Animal Care Advice from Industry Professionals

Animal Care Advice from Industry Professionals
Veterinary Clinic

Dr Nicol has lived and worked in Sydney since 2009. He previously lived in Scotland, graduating from Glasgow University Veterinary School in 1998. Since then, we has worked in some of Britain’s most esteemed veterinary hospitals, including Parkvets, where he was Head Vet and Director at the award winning, 18-doctor London practice. Then, after moving across the globe to Australia, Dr Nicol decided to start his very own veterinary clinic. He bought Dave’s Vets and Pets, a group of veterinary practices in Sydney, in 2011, where his team work tirelessly to help your pets live long, happy and healthy lives.

Dr Nicol also writes articles for four journals across three continents and is often invited to speak at veterinary conferences around the world about his dual passion of managing people and using social media to connect with pet owners.

At Open Colleges, we managed to pull Dr Nicol away from Dr Who for five minutes – his not so secret guilty pleasure – to chat about what life is like in the veterinary world.

“Stand out by working hard, following instructions and getting the job done right.”Tweet: “Stand out by working hard, following instructions & getting the job done right” by @drdavenicol via @OpenCollegesAU //ctt.ec/ib6ak+

Vet clinic
1 As the owner of Dr Dave's Vets and Pets, what are the most important characteristics you look for when hiring a veterinary nurse?

We have a detailed profile when looking for new team members, including nurses. I want someone who shares my values, is fun to work with, knows how to get a job done and is keen to learn and develop. An essential part of that is being able to take on board feedback and view it as an integral part of learning, not an attack on their character. Actual experience in the role, beyond basic competence, is far less important as we can teach this along the way.

Vet clinic
2 What's one thing our veterinary nursing students can do to improve their chances when looking to find work placement?

When you get a break, take it! Finding a work placement can be challenging and so when you land one, stand out by working hard, following instructions and getting the job done right. It amazes me that people turn up and don’t make the most of the opportunity given to them. When I was at school, I cleaned out kennels, scrubbed floors and did all the bad jobs as quickly and as well as I could, so that I could grab a few minutes watching the vets and nurses in action. You have to earn the respect of those around you. If you do this, you'll stick out like a sore thumb - in a good way – and your efforts will be noticed.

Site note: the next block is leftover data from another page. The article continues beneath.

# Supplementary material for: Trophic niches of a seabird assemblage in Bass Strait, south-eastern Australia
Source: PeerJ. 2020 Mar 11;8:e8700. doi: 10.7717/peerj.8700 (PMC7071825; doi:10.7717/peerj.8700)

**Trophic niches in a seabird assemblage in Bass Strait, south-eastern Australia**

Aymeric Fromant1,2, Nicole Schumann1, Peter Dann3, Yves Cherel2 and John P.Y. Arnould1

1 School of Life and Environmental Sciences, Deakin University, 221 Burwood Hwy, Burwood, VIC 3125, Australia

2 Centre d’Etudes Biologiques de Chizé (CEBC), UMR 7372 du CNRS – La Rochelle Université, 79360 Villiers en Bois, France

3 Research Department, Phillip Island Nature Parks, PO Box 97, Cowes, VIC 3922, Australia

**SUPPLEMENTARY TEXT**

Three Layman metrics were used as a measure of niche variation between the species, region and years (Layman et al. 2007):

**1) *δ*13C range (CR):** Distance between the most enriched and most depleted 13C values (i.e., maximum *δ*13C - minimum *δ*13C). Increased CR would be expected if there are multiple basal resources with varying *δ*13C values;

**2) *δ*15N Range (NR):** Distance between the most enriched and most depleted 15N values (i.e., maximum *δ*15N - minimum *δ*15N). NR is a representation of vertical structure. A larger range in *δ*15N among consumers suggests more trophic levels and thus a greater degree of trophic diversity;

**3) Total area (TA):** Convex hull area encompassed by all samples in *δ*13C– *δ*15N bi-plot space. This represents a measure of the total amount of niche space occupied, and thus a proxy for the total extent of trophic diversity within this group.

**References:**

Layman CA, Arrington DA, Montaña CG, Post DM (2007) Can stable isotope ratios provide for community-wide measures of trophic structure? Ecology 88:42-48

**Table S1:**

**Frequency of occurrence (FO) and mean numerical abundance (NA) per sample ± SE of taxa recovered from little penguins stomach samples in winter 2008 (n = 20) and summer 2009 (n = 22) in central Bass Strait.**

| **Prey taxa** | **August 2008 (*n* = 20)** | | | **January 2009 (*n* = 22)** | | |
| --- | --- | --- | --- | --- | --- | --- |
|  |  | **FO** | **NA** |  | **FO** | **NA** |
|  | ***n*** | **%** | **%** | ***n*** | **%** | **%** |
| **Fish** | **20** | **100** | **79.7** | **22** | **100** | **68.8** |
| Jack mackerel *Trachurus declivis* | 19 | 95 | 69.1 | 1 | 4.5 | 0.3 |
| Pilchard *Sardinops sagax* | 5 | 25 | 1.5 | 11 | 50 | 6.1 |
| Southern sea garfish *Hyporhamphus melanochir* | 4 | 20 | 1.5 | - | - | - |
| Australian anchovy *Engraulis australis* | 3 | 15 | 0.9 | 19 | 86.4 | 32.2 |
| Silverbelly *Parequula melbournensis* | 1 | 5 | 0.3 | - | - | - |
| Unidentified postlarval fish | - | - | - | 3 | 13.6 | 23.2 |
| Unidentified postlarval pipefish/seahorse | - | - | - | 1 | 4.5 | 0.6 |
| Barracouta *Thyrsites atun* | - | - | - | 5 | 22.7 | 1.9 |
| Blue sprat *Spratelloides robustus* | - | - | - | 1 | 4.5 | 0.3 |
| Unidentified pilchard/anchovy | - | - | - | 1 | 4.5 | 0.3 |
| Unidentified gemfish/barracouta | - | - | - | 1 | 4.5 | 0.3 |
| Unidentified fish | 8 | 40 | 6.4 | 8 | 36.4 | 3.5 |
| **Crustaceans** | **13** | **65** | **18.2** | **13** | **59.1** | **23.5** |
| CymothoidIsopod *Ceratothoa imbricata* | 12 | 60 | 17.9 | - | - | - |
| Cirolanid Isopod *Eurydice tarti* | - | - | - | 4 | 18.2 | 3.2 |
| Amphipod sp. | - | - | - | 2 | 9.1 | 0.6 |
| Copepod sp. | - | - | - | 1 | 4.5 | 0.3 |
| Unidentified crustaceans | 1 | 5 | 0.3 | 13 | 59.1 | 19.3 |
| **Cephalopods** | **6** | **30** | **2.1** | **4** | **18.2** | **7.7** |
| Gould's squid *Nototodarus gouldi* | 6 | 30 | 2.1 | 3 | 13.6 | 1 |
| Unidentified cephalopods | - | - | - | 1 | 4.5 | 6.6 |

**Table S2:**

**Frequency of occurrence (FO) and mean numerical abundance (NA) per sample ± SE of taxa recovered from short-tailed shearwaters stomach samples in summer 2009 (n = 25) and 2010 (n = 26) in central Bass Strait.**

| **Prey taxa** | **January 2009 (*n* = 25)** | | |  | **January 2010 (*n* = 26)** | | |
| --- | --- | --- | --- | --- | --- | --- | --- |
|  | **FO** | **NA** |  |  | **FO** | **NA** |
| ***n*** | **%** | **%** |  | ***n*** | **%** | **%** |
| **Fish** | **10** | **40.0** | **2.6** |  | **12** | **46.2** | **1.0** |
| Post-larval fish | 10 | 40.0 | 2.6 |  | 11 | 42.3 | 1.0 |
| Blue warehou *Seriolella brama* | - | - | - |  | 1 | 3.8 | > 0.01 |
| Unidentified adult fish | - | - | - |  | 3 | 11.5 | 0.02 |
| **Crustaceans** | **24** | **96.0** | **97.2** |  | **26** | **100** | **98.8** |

3 How do you see your veterinary nurses’ careers typically progressing at your practice?

We typically hire Certificate IV veterinary nurses right after they qualify. We then develop their skills in anaesthetic and animal handling to our own high standards. We also aim to develop effective clinical and emotional intelligence skills in our nurses as part of their training.

My clinic would fall flat on its back without my skilled team of nurses. In just three years, one of my junior nurses has become head nurse, where she is the spine of my clinic and was even nominated for “Vet Nurse of the Year”! She and her team are brilliant.

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4 How do you suggest veterinary nurses keep their qualifications up-to-date? Is there any ongoing training that they should pursue?

For me, the biggest area would be anaesthetic skills, but there are so many facets to nursing that there is always something to learn along the way, whatever level you are. Membership of the Veterinary Nurse Council of Australia is a great idea and we also recently took out a team membership of a webinar training website, which gives access to skill development resources.

5 What are some of the most unexpected and interesting duties of a veterinary nurse at your practice?

One of the things I notice is that my nurses seem to enjoy training junior colleagues. Although we’re all busy, we don’t have an ethos of “we're too busy to train anyone else”. That's a trap a lot of practices fall into. Instead, I expect everyone to help train their colleagues, so teaching and helping each other is big for us. If you don’t like to learn, my practice would be a nightmare for you!

The other thing the nurses are getting much better at is managing the doctors. When I walk into the practice and see all the kits ready to go, I know we're going to have a great day. I love seeing my nurses telling my vets what to do and to a degree, I think my vets secretly like to be kept on track.

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6 Is there anything else you would like to add?

I would just like to say a very public and heartfelt thanks, not just to my nurses, but to all the veterinary nurses across Australia. You are unsung heroes, keep on rocking it!

If you’re interested in becoming a veterinary nurse, take a look at Certificate IV in Veterinary Nursing. We also have a selection of other interviews from professionals working with animals, which you can see here.